On March 14, 2019, the United States Department of Labor (“DOL”) issued an opinion letter concerning minimum wage and overtime pay requirements for residential janitors, or live-in superintendents (i.e., “supers”), under the Fair Labor Standards Act (“FLSA”) and state law. Specifically, the opinion letter addresses: (1) whether the FLSA guarantees minimum wage and overtime pay to residential janitors despite their exemption from similar state law requirements; (2) whether an employer’s noncompliance with the FLSA in reliance on this state law exemption demonstrates “good faith,” allowing the employer to avoid liquidated damages or the FLSA’s three-year back wage liability period; and (3) how an employer may track and record a residential janitor’s hours worked.
Even though New York State law exempts residential janitors from state minimum wage and overtime requirements, it is the DOL’s opinion that residential janitors are not exempt from the FLSA’s minimum wage and overtime requirements because the FLSA does not include an exemption for residential janitors or similar employees. Moreover, the DOL opines that relying on a state law exemption from state law minimum wage and overtime requirements is not a good faith defense to noncompliance with the FLSA. Lastly, the DOL states that employers may reach a reasonable agreement with residential janitors to establish which hours they are and are not working. Accordingly, employer time records need not be precise, but they should reasonably coincide with that agreement.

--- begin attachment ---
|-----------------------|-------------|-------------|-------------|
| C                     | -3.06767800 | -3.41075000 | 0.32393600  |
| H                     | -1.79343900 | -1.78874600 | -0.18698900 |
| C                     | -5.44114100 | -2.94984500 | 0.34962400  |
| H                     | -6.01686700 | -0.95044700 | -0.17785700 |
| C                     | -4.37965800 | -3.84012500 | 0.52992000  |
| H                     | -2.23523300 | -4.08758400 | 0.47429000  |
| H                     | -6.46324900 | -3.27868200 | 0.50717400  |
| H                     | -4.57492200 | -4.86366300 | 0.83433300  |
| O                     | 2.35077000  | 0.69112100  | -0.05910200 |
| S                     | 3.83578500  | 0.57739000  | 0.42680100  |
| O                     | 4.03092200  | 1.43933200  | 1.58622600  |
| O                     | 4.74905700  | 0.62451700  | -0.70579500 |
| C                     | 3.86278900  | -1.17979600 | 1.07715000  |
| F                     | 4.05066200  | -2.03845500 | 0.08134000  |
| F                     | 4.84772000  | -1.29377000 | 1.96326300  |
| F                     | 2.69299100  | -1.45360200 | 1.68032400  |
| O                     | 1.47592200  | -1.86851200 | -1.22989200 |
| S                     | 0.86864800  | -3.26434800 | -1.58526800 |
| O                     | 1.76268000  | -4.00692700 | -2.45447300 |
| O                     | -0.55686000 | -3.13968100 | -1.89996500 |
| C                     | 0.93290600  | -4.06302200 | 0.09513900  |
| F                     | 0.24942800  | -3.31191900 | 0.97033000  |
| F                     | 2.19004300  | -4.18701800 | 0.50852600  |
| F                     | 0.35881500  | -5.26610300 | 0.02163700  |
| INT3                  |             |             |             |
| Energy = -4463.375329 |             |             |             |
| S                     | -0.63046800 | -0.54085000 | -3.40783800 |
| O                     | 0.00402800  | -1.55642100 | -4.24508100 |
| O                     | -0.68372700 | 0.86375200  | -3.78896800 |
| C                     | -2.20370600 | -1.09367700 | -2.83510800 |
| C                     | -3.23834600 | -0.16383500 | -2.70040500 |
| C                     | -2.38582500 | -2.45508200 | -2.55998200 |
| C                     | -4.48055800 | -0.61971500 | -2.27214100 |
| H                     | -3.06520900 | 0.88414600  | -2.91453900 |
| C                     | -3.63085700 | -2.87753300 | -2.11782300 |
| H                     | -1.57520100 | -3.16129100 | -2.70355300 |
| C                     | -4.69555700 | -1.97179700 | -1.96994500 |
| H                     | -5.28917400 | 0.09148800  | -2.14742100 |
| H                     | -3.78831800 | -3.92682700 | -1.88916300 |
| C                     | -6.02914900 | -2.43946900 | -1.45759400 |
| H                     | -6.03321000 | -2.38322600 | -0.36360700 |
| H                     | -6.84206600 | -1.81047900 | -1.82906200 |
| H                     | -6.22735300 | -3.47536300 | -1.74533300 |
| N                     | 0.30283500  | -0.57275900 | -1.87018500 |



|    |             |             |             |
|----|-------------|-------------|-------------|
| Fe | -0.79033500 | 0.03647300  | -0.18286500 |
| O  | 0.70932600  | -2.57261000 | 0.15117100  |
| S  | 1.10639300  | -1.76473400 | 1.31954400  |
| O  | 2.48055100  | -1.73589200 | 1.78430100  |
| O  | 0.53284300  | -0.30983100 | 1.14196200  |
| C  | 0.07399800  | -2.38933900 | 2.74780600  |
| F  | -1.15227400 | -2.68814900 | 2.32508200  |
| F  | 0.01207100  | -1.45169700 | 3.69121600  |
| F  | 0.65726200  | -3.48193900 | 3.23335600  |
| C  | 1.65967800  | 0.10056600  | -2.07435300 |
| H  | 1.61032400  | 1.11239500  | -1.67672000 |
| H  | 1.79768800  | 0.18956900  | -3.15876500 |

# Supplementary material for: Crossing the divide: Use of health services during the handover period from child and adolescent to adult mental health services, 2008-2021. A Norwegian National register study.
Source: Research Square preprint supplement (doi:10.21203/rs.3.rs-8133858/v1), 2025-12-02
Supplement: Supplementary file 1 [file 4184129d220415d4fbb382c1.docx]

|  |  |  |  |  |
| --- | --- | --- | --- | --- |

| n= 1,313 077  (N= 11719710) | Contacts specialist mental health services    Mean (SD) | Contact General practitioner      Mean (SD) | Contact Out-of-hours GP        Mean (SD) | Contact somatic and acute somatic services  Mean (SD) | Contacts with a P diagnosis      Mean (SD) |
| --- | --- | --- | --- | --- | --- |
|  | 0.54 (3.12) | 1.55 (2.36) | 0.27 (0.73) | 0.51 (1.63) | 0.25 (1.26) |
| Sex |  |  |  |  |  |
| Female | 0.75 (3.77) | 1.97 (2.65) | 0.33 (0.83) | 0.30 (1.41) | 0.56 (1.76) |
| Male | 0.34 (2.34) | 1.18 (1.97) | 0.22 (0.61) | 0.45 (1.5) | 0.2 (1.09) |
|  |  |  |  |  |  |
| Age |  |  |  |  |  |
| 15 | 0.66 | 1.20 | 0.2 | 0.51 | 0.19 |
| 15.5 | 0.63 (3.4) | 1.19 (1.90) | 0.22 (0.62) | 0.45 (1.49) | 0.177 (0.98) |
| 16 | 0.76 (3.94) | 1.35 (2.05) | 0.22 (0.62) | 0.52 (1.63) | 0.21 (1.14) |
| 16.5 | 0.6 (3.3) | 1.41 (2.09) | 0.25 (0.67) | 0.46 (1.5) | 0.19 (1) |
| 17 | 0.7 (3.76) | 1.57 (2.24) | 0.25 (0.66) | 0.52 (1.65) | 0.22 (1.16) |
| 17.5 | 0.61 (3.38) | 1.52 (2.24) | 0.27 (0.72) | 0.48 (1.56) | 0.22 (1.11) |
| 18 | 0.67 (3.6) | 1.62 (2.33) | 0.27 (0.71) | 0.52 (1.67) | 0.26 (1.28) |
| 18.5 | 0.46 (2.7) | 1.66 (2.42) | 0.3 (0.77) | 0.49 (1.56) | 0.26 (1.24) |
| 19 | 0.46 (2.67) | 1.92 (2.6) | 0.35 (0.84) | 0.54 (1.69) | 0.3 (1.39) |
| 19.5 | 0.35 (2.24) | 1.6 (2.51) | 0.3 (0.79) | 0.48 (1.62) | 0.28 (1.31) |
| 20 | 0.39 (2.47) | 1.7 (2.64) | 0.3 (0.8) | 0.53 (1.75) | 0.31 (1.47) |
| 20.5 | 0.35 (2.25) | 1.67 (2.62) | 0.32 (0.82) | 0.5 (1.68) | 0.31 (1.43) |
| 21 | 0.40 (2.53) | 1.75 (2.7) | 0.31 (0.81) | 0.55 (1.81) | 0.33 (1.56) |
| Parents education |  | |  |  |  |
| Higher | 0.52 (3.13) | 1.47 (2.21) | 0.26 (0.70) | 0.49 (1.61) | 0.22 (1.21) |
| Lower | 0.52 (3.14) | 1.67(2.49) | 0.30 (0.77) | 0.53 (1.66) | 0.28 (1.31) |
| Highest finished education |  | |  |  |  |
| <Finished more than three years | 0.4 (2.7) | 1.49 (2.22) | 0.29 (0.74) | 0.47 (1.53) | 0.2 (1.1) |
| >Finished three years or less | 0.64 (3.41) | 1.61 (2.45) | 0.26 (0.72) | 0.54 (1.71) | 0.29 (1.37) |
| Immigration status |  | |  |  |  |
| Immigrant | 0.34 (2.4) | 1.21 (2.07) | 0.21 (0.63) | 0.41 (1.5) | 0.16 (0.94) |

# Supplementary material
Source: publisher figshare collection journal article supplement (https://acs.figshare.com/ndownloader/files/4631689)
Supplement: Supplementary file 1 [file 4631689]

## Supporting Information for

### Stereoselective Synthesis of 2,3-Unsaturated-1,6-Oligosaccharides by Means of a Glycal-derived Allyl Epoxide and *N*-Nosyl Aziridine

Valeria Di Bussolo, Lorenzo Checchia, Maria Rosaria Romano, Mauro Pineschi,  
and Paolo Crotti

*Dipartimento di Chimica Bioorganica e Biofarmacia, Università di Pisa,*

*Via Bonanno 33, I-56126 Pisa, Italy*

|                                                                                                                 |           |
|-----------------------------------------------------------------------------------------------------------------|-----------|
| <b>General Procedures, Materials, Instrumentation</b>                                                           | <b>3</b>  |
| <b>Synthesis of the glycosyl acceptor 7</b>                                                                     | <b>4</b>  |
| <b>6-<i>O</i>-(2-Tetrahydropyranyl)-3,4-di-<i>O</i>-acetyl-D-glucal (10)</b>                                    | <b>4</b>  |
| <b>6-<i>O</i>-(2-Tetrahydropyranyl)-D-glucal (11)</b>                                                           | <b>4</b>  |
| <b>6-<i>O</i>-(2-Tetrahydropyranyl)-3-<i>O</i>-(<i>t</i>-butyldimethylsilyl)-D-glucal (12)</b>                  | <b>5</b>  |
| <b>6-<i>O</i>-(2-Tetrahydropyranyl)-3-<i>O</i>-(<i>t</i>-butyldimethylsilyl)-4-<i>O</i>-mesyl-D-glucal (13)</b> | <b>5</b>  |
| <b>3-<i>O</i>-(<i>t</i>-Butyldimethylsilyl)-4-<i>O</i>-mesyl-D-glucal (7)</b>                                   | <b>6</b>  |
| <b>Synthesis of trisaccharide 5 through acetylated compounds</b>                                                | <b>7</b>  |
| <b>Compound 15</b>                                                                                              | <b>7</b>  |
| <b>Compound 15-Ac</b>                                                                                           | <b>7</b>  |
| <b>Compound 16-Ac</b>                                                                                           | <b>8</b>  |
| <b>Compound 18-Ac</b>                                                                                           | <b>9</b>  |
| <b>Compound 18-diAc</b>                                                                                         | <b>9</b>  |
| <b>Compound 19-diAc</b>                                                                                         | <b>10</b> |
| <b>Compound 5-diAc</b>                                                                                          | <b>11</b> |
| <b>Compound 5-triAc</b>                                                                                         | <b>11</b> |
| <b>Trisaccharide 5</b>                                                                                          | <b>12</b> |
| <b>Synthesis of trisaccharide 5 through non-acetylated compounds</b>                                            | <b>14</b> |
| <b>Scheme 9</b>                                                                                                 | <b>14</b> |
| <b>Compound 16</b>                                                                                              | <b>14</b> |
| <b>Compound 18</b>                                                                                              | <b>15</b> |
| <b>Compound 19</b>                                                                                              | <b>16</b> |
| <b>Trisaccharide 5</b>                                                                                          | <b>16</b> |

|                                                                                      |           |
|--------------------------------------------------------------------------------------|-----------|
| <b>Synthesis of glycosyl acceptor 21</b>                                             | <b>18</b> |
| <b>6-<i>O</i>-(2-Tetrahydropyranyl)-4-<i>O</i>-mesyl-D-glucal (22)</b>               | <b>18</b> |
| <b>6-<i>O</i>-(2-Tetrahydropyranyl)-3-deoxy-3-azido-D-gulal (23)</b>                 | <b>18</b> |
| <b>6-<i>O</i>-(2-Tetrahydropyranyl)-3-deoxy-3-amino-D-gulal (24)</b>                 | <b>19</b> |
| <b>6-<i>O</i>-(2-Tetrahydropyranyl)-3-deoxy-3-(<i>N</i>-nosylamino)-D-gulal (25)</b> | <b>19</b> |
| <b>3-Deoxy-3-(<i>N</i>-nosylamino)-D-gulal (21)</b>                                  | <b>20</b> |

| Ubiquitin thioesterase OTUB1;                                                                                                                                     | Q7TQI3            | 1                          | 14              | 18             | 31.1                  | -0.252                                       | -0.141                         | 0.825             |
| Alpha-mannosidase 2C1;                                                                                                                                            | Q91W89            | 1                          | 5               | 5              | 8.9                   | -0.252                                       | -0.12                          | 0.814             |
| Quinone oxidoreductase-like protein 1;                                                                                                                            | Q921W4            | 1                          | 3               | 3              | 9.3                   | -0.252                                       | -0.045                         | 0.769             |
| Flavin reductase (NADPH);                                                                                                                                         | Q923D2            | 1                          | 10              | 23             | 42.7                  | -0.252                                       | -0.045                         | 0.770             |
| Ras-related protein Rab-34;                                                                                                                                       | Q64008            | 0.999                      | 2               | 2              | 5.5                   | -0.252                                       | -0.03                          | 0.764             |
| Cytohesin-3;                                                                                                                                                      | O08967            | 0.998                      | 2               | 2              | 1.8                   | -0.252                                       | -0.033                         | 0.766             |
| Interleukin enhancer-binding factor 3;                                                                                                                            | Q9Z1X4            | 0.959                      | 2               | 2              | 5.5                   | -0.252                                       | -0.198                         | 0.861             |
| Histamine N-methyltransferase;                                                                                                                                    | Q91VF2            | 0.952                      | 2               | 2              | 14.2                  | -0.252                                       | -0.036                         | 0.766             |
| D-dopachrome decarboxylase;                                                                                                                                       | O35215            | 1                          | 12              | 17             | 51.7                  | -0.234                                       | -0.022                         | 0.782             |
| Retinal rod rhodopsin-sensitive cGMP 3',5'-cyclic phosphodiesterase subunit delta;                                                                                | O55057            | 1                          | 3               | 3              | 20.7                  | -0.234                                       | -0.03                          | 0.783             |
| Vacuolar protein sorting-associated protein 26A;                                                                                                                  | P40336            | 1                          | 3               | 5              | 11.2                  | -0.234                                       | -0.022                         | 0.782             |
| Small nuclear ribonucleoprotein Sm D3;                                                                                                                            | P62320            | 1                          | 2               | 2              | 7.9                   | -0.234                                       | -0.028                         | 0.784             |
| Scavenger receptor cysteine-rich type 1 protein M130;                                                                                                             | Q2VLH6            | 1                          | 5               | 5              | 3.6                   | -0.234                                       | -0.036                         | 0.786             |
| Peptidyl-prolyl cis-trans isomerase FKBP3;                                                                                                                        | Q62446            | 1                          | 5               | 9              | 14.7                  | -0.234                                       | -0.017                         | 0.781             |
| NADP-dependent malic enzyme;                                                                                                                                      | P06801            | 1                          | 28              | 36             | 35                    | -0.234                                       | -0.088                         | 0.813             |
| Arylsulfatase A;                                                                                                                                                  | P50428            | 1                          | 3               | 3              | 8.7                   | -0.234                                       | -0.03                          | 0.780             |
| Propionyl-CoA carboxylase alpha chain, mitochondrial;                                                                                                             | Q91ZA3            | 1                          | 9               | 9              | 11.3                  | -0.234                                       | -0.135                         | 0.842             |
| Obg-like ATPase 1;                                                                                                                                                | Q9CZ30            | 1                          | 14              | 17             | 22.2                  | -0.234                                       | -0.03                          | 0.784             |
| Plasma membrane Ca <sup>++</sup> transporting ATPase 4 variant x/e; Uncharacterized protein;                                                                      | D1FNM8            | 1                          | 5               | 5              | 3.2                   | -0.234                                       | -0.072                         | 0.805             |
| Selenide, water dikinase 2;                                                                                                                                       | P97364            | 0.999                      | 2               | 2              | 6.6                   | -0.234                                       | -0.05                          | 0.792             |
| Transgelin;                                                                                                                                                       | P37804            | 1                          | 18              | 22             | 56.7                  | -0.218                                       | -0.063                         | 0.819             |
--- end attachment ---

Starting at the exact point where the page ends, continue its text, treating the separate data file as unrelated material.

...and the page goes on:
When a federal, state, or local minimum wage or overtime law differs from the FLSA, the employer must comply with both laws and meet the standard of whichever law gives the employee the greater protection. Thus, although New York expressly provides a limited exemption from its overtime laws for residential superintendents, employers must nevertheless comply with the FLSA in compensating such employees.
Takeaway for Employers
Employers should remember that compliance with state law does not excuse noncompliance with the FLSA. Additionally, an employee who resides on an employer’s premises on a permanent basis or for extended periods of time is not considered as working all the time he is on the premises.
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If you have any questions regarding the DOL opinion letter or exemptions under state or federal wage and hour laws, please do not hesitate to contact us.